For the sake of simplicity[7], let’s assume that god did a very solid job in the creation of humans and that the genomes of Adam and Eve contained no recessive, deleterious mutations[8]. Mutations that are transmitted to the next generation must occur in the germ line cells that produce gametes (i.e., sperm and eggs), which are isolated early on in development, minimizing the opportunity for mutations as cells divide to build the rest of the body.

How are rare, recessive, deleterious alleles generated? In humans, the germ line cells that will produce gametes (sperm and egg) are isolated early on in development, which greatly reduces the opportunity for mutations as cells divide like the rest of the body. These cells, however, do go through the process of meiosis to produce gametes. Mutations occur during meiosis due to errors in DNA copying or rearrangements between chromosome copies. As a result, individual gametes may contain new, recessive, deleterious alleles. These changes are random, rare, and occur independently for each resulting gamete, making it extremely unlikely that any two sperm or eggs will have the exact same mutations.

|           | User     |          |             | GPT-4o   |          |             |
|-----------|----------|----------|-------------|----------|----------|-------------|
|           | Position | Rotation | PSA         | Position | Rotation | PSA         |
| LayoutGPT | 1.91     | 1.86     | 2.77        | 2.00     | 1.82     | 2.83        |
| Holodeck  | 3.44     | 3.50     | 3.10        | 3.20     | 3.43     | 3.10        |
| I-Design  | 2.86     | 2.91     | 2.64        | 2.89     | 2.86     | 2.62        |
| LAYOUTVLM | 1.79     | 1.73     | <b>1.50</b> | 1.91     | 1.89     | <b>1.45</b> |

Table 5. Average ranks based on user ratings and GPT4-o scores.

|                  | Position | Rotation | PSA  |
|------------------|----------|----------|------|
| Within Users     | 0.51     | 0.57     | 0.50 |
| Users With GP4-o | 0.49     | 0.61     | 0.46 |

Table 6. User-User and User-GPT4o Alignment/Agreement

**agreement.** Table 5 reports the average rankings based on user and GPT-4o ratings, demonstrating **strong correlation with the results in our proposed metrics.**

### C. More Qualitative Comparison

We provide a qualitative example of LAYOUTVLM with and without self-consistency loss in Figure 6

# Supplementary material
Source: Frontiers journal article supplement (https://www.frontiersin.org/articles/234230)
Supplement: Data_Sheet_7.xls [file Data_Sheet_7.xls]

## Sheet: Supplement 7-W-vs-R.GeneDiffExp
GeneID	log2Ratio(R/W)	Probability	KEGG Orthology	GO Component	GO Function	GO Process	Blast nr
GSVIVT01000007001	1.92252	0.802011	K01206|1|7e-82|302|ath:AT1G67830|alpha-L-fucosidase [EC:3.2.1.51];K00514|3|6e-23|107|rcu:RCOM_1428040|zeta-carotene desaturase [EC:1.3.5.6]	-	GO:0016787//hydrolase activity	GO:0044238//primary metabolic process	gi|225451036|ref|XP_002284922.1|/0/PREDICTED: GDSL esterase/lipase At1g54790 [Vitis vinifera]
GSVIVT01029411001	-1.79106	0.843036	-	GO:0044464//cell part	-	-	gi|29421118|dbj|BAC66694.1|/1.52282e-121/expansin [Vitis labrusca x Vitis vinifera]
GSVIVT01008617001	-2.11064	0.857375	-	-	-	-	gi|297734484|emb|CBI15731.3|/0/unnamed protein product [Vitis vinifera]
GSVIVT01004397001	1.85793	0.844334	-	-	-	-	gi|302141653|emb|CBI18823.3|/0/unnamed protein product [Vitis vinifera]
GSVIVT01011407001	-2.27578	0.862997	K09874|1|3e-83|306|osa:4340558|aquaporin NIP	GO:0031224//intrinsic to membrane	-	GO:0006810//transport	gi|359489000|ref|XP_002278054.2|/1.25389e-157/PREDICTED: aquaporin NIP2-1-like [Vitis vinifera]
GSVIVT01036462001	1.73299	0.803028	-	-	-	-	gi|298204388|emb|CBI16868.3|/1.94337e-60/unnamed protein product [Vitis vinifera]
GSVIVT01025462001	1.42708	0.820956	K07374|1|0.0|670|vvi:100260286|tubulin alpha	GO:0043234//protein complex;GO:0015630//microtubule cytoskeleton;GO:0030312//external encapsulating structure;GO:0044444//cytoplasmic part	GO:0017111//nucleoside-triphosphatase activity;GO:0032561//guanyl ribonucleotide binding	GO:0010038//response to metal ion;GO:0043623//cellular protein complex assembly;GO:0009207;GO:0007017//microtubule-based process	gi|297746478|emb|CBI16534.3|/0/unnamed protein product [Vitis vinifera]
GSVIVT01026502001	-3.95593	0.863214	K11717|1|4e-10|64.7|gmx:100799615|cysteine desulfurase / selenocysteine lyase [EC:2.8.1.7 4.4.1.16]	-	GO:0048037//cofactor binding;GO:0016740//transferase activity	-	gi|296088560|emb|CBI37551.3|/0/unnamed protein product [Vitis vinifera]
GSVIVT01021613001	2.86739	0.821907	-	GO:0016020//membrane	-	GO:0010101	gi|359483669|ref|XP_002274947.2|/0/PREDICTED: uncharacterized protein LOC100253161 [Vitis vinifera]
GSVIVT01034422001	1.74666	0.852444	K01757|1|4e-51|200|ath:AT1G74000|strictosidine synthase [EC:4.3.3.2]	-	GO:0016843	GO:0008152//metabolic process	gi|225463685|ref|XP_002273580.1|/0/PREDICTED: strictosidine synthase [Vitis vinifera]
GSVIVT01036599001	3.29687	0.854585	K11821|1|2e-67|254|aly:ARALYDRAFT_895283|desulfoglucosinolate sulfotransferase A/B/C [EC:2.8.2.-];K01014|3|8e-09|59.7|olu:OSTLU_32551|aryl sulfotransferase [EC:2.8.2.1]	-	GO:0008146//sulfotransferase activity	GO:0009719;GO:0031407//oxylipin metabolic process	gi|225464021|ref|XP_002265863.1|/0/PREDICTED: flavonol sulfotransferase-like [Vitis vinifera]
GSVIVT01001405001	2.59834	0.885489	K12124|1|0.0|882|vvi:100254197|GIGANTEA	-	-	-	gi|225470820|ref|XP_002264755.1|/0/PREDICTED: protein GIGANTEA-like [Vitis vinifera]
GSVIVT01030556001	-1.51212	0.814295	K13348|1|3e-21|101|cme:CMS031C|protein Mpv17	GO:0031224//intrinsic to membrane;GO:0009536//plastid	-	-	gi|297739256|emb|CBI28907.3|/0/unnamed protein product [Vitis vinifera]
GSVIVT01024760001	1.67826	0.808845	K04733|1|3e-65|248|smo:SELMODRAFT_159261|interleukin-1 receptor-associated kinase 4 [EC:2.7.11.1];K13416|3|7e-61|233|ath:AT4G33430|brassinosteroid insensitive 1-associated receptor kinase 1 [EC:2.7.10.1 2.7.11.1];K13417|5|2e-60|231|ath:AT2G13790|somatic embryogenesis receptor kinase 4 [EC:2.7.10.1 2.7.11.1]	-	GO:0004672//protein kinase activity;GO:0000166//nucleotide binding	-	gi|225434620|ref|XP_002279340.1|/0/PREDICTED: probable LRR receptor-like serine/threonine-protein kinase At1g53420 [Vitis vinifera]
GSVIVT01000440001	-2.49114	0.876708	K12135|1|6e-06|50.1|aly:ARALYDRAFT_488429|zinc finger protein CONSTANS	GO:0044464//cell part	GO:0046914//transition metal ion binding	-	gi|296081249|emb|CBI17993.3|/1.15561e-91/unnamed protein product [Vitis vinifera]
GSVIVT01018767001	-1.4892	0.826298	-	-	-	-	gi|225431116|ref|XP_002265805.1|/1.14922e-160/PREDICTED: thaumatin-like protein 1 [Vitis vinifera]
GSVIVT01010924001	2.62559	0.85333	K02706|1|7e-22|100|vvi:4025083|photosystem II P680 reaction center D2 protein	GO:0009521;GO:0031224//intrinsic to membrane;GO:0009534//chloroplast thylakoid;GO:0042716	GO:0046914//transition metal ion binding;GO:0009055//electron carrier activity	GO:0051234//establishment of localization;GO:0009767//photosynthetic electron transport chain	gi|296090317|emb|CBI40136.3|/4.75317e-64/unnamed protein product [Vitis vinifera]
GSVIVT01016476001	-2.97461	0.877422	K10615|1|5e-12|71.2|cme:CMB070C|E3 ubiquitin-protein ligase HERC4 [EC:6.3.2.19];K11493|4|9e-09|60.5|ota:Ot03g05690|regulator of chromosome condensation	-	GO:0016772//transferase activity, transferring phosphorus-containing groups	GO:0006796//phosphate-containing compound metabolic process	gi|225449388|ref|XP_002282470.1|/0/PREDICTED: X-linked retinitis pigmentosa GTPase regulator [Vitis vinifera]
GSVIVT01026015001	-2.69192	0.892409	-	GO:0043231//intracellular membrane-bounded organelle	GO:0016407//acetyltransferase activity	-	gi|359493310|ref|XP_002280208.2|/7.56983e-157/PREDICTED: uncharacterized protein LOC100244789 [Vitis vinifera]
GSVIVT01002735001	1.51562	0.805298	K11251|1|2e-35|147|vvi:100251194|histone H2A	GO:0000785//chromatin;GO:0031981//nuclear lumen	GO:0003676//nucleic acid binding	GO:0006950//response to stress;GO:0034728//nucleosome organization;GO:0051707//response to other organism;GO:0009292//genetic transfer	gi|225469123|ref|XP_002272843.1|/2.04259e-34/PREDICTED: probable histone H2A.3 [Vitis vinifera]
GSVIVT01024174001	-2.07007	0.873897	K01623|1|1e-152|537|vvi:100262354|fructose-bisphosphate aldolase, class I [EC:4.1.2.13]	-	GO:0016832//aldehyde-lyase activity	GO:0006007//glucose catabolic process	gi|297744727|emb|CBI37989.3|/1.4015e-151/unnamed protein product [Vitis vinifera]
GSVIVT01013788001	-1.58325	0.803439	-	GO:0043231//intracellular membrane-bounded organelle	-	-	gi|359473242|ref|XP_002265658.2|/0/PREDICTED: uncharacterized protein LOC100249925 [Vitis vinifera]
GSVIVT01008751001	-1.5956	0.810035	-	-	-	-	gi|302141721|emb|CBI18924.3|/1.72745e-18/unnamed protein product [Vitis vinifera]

So, while Cain and Awan both might have carried recessive, deleterious alleles, it is highly improbable that either carried two copies of such an allele for any gene or that they carried the same recessive, deleterious allele as their sibling for any gene[9]. As a result, it is also extremely unlikely that the children of Cain and Awan would have had two copies of a recessive, deleterious allele for any gene, sparing them the physical consequences of their parents’ close family ties. Because Cain’s kids might have some of the same recessive, deleterious alleles as each other (inherited from meioses in Grandpa Adam or Grandma Eve), they would be well advised to wander at least as far as Uncle Seth’s house when it comes time to start their own families.